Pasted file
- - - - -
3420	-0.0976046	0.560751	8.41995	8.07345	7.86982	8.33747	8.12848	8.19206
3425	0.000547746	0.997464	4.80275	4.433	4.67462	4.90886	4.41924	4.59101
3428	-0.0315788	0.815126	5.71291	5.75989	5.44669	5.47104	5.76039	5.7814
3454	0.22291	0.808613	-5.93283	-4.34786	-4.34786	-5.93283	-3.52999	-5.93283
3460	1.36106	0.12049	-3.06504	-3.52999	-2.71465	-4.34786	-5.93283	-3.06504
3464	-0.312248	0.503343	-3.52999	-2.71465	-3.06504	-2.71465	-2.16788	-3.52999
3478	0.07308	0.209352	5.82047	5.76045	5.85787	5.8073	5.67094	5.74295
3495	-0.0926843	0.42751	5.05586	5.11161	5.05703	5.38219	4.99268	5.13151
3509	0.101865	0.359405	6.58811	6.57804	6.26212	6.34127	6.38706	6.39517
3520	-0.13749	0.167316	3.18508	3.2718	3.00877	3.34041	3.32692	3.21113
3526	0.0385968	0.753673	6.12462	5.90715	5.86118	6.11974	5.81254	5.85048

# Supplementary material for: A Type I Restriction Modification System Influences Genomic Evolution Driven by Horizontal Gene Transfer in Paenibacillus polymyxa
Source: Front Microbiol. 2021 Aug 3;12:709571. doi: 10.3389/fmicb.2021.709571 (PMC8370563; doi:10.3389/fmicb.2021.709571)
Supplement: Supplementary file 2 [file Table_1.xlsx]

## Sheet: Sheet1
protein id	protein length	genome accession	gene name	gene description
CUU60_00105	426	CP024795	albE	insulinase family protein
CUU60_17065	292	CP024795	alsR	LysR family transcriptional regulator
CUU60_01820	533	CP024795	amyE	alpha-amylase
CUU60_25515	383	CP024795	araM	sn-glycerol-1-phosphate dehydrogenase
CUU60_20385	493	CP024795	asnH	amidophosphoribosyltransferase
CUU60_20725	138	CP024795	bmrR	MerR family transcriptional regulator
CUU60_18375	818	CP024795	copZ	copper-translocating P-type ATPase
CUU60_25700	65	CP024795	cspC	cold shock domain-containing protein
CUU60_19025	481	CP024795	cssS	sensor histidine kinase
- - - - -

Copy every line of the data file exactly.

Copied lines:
3420	-0.0976046	0.560751	8.41995	8.07345	7.86982	8.33747	8.12848	8.19206
3425	0.000547746	0.997464	4.80275	4.433	4.67462	4.90886	4.41924	4.59101
3428	-0.0315788	0.815126	5.71291	5.75989	5.44669	5.47104	5.76039	5.7814
3454	0.22291	0.808613	-5.93283	-4.34786	-4.34786	-5.93283	-3.52999	-5.93283
3460	1.36106	0.12049	-3.06504	-3.52999	-2.71465	-4.34786	-5.93283	-3.06504
3464	-0.312248	0.503343	-3.52999	-2.71465	-3.06504	-2.71465	-2.16788	-3.52999
3478	0.07308	0.209352	5.82047	5.76045	5.85787	5.8073	5.67094	5.74295
3495	-0.0926843	0.42751	5.05586	5.11161	5.05703	5.38219	4.99268	5.13151
3509	0.101865	0.359405	6.58811	6.57804	6.26212	6.34127	6.38706	6.39517
3520	-0.13749	0.167316	3.18508	3.2718	3.00877	3.34041	3.32692	3.21113
3526	0.0385968	0.753673	6.12462	5.90715	5.86118	6.11974	5.81254	5.85048

# Supplementary material for: A Type I Restriction Modification System Influences Genomic Evolution Driven by Horizontal Gene Transfer in Paenibacillus polymyxa
Source: Front Microbiol. 2021 Aug 3;12:709571. doi: 10.3389/fmicb.2021.709571 (PMC8370563; doi:10.3389/fmicb.2021.709571)
Supplement: Supplementary file 2 [file Table_1.xlsx]

## Sheet: Sheet1
protein id	protein length	genome accession	gene name	gene description
CUU60_00105	426	CP024795	albE	insulinase family protein
CUU60_17065	292	CP024795	alsR	LysR family transcriptional regulator
CUU60_01820	533	CP024795	amyE	alpha-amylase
CUU60_25515	383	CP024795	araM	sn-glycerol-1-phosphate dehydrogenase
CUU60_20385	493	CP024795	asnH	amidophosphoribosyltransferase
CUU60_20725	138	CP024795	bmrR	MerR family transcriptional regulator
CUU60_18375	818	CP024795	copZ	copper-translocating P-type ATPase
CUU60_25700	65	CP024795	cspC	cold shock domain-containing protein
CUU60_19025	481	CP024795	cssS	sensor histidine kinase